Australia: Reasonable changes to employee rosters will be permissible even if they have adverse effect

Last Updated: 11 February 2014
Article by Dan Trindade and Ned Overend

Key Points:

You should have sound business reasons to justify roster changes or other similar business decisions which may have adverse impacts on particular employees.

A reasonable business decision such as a change of rosters required to meet operational circumstances will generally be permissible even if it has a potentially adverse/discriminatory effect on one or more employees. This is because indirect discrimination (ie. conduct that has a greater effect on a person or group of persons because they have or do not have a particular attribute) has the additional element of reasonableness that must be considered in determining with the discrimination is unlawful. A recent decision of the Queensland Civil and Administration Tribunal illustrates the point.

McIntyre v Hastings Deering (Australia) Ltd [2013] QCAT 695

In McIntyre the applicant was a registered nurse employed by Hastings Deering as a Health and Safety Adviser at its Hasting Park facility in MacKay. The applicant commenced employment in November 2011. Her usual work pattern was 7:00 am to 5:00 pm Monday and Friday and 9:00 am to 3.30 pm Tuesday, Wednesday and Thursday.

In May 2012 Hastings Deering decided that it needed seven days a week coverage by the health and safety adviser role in order to align with the seven days a week work performed on the operational side of the business. This decision meant that what had previously been one single day work position (Monday to Friday) was changed to two positions working on a rotating roster across the seven days per week (each position working eight days on and six days off in each fortnight).

The change also meant that the start times which had previously been 7:00 am (Monday and Friday) and 9:00 am (Tuesday to Thursday) would change to 6:00 am and 8:30 am and the finish times, which had previously been 3.30 pm and 5:00 pm, would change to 4:00 pm and 6:30 pm.

The applicant claimed that she could not work the changed roster because of her parental responsibilities, as a single mother with two small children. In particular:

  • the 6:00 am start time would require the applicant to leave her children at school/childcare at or before 5:30 am, which was not possible as neither the school nor childcare centre was open at that time;
  • the 6:30 pm finish time would require the applicant to collect her children from childcare/school well after 6:30 pm, which was not possible as the school and childcare centre were both closed at that time;
  • the rotating roster meant that on weekends or public holidays that the applicant was rostered to work there would be no one available to care for her children.

The Tribunal accepted that the new roster was indirectly discriminatory in that the applicant was unable to comply with it because of her parental responsibilities and that a person without those responsibilities would be more likely to be able to comply with the requirements of the new roster. The Tribunal held however that Hastings Deering did have a logical and understandable basis for moving to the new roster and that the test was not whether the change was necessary but rather whether it was a reasonable management decision that had been taken based on operational requirements.

The Tribunal found that the change to the new roster was a rational business decision and that the proposed roster was not so extreme that it could not be justified. Accordingly, the Tribunal found that the requirement to work the new roster was reasonable, even though the decision had an adverse effect on the applicant.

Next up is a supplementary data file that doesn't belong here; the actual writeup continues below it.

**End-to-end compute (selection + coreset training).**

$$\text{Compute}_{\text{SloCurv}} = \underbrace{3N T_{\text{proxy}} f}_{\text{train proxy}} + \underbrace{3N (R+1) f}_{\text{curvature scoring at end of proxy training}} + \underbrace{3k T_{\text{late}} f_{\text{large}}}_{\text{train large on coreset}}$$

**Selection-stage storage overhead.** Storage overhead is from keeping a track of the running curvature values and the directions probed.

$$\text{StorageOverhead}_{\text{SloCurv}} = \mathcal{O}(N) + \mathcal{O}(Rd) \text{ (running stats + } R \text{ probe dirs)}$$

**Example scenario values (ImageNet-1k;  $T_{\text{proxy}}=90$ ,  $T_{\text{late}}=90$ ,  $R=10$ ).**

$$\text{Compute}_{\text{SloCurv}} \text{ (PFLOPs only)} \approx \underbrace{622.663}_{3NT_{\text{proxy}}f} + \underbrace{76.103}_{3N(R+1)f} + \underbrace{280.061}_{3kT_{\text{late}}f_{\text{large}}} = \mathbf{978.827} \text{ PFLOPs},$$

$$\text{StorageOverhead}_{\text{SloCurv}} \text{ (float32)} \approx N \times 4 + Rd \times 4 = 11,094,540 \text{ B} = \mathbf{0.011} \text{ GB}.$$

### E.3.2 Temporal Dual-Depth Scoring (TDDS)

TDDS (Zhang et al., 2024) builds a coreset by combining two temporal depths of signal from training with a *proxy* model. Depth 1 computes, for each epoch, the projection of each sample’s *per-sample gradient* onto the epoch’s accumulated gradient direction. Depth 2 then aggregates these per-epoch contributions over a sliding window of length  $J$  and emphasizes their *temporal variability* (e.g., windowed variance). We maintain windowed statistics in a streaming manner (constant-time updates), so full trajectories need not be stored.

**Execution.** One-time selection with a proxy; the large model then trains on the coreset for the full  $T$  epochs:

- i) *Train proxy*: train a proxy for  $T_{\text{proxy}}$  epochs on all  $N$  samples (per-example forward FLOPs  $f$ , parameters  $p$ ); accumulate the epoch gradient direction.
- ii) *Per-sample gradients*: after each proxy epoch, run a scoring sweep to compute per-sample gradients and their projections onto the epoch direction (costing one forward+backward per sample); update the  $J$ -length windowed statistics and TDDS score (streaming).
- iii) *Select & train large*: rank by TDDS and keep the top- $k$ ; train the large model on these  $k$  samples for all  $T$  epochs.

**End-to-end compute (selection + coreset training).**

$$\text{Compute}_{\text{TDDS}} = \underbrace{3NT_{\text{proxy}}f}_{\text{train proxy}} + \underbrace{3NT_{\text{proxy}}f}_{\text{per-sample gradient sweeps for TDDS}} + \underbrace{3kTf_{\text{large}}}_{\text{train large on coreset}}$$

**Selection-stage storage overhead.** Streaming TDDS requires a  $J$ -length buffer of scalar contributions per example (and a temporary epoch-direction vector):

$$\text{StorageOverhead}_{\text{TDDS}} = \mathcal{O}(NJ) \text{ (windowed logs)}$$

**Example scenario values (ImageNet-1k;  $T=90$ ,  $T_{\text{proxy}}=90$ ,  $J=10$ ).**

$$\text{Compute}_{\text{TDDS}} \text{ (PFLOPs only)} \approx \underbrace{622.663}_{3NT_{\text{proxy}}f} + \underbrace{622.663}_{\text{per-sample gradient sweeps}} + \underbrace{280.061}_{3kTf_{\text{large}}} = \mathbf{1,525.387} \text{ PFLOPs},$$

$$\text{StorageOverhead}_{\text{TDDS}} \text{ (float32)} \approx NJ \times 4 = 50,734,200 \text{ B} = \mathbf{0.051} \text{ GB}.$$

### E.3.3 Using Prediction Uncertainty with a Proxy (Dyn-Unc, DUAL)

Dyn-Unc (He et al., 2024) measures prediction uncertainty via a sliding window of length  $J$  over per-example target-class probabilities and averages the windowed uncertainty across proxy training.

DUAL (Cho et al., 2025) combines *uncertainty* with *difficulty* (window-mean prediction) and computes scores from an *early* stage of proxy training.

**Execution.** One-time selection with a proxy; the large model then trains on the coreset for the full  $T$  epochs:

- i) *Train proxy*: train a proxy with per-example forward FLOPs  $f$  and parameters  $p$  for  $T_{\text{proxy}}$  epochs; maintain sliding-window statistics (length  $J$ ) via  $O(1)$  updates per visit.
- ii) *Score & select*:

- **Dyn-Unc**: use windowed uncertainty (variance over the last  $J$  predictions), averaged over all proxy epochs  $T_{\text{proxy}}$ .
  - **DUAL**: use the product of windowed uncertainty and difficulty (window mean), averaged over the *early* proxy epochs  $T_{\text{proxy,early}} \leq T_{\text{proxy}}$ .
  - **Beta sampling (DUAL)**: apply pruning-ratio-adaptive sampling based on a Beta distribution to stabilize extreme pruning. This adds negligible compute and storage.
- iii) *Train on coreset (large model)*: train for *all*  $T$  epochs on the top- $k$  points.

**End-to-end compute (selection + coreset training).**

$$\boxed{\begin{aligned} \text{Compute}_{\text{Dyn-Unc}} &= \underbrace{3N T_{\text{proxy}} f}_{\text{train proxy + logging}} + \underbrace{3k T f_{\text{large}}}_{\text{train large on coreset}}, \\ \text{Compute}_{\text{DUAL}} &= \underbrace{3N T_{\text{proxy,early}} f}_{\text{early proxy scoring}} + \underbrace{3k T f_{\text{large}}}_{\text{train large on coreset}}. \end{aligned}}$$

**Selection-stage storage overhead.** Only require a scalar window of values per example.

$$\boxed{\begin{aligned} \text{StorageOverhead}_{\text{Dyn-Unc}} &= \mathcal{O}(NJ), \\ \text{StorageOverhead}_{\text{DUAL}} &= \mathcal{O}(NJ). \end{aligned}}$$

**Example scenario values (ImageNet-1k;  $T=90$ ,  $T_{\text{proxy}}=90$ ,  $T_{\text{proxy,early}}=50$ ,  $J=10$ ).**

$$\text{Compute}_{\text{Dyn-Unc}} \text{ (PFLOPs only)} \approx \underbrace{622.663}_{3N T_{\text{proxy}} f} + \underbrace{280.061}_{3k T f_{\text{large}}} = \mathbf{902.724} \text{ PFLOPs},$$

What should employers do

The McIntyre decision highlights the importance of having sound business reasons for justifying roster changes or other similar business decisions which may have adverse impacts on particular employees. Courts and Tribunals will generally not interfere on discrimination grounds with legitimate business decisions made on reasonable commercial or operational grounds, even if those decisions have a negative effect on some or all employees.

Courts and Tribunals are however more likely to find unlawful discrimination in relation to decisions that are ill-founded or extreme or not based on a proper consideration of circumstances. As such, the capacity of an employer to defend a claim such as that made in McIntyre will depend on the effort taken to identify the proper and legitimate business reasons for the proposed change.

Employers should:

  • document the business decision to change rosters or work patterns with an appropriate business case or other documents that identify the compelling business reasons for the change;
  • ensure that, as far as possible, employment contracts and enterprise agreements contain flexibility to alter rosters and work patterns to meet business and operational requirements;
  • ensure that any proposed changes are permitted by the employee's contract of employment and/or applicable enterprise agreement;
  • know, understand and comply with the employer's consultation obligations in relation to changes to rosters and work patterns;
  • consider any issues raised by an employee about the impact of changes to rosters or work patterns on the employee, particularly any requirements that disproportionately affect the employee because of things such as parental responsibilities, disabilities or other protected attributes; and
  • if in doubt, seek our advice and assistance.

Clayton Utz communications are intended to provide commentary and general information. They should not be relied upon as legal advice. Formal legal advice should be sought in particular transactions or on matters of interest arising from this bulletin. Persons listed may not be admitted in all states and territories.

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